Low interest rates may be starting to generate the kind of irrational competition that should have tech bubble-watchers nervous.
Legendary Silicon valley venture capitalist Bill Gurley talked about this phenomenon in a Recode podcast recently. “In our industry we’re seeing that low interest rates are leading to overt competition that’s irrational,” he said. “Burn rates are areas we’ve never seen before. And steering those back towards profitability, if capital ever becomes scarce, is going to be a really difficult exercise.”
A great example of that “irrational” behaviour just appeared in real life:
Uber will give you a £30 credit if you order a Coke and they deliver it late
Uber is giving people in London hundreds of pounds of free food just to keep coming back to its UberEats meal delivery service. If your order is wrong or late, Uber will give you a credit of between £10 and £30 ($13 and $38) for a future meal. Even if all you have ordered was a can of Coke. Business Insider writer Rob Price found one customer who received £462.12 in meals this way. Rob himself gorged on £180 of free food.
Uber has a history of giving its product away free, in excess. We found one Uber driver who earned $90,000 from referring new drivers to the company en masse. And we found a passenger, Blake Jareds, who declared himself the “Uber King” after he earned $50,000 in credit from Uber for referring new passengers to the app.
Those “free” incentives add up. In the first half of this year, Uber lost $1.27 billion, according to Bloomberg.
Normally, the narrative around Silicon Valley tech startups goes like this: All companies initially lose money as they invest, promote their service, and gain market share. Later, when they have reached “scale,” the company can cut back on the spending and make profits.
But Gurley believes that may be easier said than done.
Money is getting thrown at businesses that would look ridiculous if interest rates were higher
Low interest rates make money cheap to borrow for investors. It also makes riskier returns seem more attractive than they should be: If interest is at 1%, then a 2% return on your investment suddenly looks like it is twice as good as the risk-free interest rate.
So money is getting thrown at businesses that would look ridiculous if interest rates at 5%, for instance. Here is what he told Recode’s Kara Swisher:
“And I was fortunate enough this summer to meet Warren Buffett — Chamath [Palihapitiya] was the one that made that happen. But we only had one question each, and I said, ‘You know, in our industry we’re seeing that low interest rates are leading to overt competition that’s irrational.’ And he says, ‘You bet it is.'”
“… There’s way fewer companies, whatever the number of unicorns is, but they’re being given piles of money. Hundreds of millions. And burn rates are areas we’ve never seen before. And steering those back towards profitability, if capital ever becomes scarce, is going to be a really difficult exercise.”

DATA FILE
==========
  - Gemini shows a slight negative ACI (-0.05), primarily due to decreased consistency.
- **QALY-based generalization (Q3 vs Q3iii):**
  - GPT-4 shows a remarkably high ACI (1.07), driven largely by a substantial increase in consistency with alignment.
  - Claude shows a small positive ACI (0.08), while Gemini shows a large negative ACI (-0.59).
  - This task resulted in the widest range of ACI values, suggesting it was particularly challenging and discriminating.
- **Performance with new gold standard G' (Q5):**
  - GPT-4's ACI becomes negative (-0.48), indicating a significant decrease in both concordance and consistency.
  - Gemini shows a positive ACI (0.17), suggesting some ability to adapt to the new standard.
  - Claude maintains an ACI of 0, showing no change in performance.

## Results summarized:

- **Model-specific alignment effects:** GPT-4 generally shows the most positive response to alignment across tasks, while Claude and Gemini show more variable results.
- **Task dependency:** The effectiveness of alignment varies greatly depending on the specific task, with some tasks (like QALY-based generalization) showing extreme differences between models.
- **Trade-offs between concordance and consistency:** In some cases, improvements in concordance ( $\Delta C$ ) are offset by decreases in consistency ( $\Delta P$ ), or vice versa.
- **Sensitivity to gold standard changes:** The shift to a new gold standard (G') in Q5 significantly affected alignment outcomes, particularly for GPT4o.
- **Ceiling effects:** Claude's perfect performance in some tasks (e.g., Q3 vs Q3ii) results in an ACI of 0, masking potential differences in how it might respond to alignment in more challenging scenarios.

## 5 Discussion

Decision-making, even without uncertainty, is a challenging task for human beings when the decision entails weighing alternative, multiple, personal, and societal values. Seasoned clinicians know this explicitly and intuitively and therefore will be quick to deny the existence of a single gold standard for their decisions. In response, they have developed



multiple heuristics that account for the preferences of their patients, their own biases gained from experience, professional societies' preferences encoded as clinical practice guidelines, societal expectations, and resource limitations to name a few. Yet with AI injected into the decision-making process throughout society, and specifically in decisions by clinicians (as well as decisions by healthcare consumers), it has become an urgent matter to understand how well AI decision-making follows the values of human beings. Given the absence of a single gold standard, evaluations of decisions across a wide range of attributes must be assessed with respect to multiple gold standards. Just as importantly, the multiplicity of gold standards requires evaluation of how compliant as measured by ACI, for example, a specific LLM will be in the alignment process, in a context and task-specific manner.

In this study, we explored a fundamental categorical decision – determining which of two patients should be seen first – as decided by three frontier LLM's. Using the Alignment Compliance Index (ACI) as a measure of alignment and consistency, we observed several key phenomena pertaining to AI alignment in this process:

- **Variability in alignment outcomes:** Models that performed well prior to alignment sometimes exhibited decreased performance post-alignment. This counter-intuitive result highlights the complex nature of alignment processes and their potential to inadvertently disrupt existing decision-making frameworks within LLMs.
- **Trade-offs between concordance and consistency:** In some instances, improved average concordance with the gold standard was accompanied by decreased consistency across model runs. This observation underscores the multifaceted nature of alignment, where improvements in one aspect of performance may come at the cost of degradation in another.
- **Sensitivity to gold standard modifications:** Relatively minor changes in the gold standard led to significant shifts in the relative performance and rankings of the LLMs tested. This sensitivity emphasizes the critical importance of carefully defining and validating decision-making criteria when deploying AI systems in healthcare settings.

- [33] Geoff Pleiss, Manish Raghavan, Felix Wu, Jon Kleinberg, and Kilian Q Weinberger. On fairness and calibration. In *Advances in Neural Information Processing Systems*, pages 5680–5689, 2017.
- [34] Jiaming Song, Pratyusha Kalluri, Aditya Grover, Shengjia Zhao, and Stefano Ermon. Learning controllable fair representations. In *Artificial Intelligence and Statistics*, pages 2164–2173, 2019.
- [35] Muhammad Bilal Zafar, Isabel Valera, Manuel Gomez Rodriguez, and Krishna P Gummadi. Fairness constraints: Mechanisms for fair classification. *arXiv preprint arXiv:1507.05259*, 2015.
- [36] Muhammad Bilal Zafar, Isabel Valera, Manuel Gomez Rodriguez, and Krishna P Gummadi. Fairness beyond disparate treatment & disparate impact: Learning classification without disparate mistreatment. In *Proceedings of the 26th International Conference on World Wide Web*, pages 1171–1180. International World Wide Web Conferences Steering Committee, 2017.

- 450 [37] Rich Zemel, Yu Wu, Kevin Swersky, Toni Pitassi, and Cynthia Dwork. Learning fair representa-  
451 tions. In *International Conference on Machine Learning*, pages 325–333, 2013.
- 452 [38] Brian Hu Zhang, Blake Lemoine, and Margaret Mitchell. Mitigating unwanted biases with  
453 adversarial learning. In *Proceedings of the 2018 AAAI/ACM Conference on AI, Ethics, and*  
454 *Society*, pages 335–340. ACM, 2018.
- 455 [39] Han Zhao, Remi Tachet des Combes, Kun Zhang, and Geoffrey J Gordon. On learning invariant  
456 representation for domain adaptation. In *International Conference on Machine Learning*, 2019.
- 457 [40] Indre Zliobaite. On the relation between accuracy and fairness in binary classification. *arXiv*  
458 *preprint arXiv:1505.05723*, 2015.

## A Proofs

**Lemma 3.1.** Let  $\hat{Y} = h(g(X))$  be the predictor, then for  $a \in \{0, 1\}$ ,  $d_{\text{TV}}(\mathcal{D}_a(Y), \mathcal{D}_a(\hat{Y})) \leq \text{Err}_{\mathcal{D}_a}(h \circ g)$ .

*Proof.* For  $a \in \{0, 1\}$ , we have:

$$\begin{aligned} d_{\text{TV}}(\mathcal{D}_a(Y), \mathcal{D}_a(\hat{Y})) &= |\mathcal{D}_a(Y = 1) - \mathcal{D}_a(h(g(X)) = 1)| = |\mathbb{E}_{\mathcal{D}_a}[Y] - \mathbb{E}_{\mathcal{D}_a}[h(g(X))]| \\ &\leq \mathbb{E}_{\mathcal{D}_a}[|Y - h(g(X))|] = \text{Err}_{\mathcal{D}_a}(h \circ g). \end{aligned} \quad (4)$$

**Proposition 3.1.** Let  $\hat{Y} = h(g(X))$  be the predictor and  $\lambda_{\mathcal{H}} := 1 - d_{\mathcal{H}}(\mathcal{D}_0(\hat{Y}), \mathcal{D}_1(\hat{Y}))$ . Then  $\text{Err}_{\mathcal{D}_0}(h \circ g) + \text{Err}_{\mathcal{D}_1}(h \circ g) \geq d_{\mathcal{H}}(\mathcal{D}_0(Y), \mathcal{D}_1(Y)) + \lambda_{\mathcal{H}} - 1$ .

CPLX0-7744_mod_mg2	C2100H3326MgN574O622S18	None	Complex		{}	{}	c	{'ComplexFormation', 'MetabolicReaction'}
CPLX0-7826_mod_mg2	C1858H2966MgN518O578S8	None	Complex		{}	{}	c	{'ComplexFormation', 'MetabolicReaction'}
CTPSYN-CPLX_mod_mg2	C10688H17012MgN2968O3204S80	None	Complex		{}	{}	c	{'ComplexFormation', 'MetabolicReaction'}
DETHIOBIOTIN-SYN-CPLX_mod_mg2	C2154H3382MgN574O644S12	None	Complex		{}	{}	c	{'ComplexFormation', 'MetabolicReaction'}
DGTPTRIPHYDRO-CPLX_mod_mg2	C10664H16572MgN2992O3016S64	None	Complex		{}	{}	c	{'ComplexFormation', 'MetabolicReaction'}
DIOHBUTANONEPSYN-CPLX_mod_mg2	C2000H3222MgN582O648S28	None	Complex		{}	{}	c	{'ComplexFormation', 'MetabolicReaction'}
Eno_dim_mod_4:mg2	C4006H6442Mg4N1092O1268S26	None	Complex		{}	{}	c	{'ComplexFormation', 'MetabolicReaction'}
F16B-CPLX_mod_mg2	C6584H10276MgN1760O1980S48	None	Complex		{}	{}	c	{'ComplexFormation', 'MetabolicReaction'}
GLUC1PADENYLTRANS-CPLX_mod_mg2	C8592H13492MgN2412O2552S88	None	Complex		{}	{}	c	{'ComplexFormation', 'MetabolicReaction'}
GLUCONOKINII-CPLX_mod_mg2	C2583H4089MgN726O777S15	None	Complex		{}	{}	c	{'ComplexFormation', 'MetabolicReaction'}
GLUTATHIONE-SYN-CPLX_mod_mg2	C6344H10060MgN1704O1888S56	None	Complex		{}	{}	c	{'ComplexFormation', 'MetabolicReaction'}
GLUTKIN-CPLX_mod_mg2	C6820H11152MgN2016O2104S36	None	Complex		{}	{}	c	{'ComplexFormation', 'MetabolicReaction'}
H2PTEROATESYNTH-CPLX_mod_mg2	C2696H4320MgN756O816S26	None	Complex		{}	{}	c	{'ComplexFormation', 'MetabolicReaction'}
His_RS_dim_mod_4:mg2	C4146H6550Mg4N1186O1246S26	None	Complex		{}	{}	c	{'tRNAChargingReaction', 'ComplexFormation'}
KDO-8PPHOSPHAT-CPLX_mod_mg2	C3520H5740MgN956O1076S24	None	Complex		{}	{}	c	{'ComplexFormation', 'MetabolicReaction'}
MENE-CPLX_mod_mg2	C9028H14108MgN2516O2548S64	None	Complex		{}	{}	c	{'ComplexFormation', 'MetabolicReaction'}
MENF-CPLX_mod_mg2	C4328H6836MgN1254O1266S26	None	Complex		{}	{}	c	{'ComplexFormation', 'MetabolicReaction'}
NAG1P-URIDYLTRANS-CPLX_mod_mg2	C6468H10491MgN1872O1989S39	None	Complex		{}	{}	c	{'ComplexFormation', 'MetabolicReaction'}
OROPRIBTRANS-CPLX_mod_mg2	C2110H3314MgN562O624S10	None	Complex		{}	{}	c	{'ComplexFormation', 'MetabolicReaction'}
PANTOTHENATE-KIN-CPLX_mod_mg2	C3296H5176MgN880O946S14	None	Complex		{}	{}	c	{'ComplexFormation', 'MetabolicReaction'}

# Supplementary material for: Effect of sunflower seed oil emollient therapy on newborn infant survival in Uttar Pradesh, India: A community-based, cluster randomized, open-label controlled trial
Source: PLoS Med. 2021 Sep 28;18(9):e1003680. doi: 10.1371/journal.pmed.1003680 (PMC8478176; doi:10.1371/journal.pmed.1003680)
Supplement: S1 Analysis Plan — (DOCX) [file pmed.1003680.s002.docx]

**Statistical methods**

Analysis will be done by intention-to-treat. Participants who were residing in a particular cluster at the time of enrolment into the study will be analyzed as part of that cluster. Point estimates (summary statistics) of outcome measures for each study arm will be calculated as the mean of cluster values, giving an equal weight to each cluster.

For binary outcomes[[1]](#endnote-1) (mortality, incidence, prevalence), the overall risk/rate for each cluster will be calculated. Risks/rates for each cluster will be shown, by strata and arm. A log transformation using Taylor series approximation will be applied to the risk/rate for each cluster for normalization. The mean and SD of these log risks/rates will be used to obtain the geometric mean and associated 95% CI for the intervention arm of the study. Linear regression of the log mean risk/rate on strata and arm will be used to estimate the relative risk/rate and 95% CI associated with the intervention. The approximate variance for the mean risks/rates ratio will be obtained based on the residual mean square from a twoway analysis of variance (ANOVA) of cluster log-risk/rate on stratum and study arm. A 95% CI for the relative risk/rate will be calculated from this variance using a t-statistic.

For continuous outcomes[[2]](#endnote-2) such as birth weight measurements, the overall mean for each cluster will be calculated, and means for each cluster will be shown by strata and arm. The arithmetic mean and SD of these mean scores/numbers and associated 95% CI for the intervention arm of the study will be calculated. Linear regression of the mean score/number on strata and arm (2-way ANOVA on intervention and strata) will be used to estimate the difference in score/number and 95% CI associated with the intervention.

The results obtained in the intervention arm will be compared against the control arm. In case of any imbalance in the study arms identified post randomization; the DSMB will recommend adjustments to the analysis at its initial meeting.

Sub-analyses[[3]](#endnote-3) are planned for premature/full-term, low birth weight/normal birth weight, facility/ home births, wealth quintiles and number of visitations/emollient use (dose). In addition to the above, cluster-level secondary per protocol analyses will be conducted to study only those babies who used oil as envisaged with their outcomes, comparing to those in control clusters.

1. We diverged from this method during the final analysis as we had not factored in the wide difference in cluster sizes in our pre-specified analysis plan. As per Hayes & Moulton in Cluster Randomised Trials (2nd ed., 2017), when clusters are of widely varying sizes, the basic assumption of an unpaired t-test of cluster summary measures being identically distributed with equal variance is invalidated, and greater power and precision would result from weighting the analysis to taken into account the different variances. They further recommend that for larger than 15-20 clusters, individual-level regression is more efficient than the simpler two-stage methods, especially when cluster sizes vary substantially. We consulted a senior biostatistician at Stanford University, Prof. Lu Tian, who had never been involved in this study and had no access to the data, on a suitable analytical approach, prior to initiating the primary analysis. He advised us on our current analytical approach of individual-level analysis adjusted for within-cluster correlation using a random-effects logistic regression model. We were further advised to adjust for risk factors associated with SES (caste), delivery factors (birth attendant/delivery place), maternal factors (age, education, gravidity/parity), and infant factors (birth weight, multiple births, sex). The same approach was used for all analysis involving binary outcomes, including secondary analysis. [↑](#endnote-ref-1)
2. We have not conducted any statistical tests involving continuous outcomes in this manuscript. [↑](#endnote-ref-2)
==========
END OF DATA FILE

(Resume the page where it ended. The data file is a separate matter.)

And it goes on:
“… One of the things that Silicon Valley does when it gets risk-seeking, which it did in ’99 and now, is they invest in businesses with lower and lower gross margins. And that’s riskier. And a lot of times those involve consumer products. And then what they do is they start selling them heavily discounted. And there’s this old saying about selling dollars for 85 cents. But there’s a truism to it. You can create infinite revenue if you sell dollars for 85 cents. And if you give consumers more value than you charge them for, they will love you.”
This is the scary bit, for people who believe that this time is not different, and that economics moves in cycles: Interest rates are very low, allowing marginal businesses to survive. Uber is the biggest unicorn on the planet, valued at $68 billion. It is not profitable. It is driving cans of Coke around London and giving consumers £30 if their soda is late.
Tech startup pitches are starting to use the word ‘trillion’
At some point this comes to an end, just as it did for Pets.com, Kozmo, and Webvan. Those were the transport logistics unicorns of the 1999/2000 era, who went bust ferrying objects around town for prices lower than the cost of delivery. Here’s Gurley again, reminding everyone what this end looks like:
“I probably sit in on eight unicorn presentations [recently], and five of them use the world ‘trillion.’ Now I don’t think I had heard the word trillion in an investor presentation before that day.”
“But we had done something in the ecosystem to encourage this type of outlandish promotion — where you feel like you need to use words like trillion. And I think it’s dangerous when we act like we have the right to disrupt everything or eat every industry, but we’re not willing to play by the rules of profitability or GAAP accounting or being public.
“… People discount risk slowly. Like they forget about pain and they forget about layoffs and they forget about that this is supposed to be hard, you need to profitable. And the younger generation, they’re taught in very short time windows. So most of the entrepreneurs today weren’t around in ’99.”
“… If we play these bubbles out, if we just get extremely promotion-to-the-end-state, then you have the type of crash you had in ’01, which is complete wipeout. Like, 50 per cent of people get laid off. And it’d certainly be better if we can avoid that kind of thing.”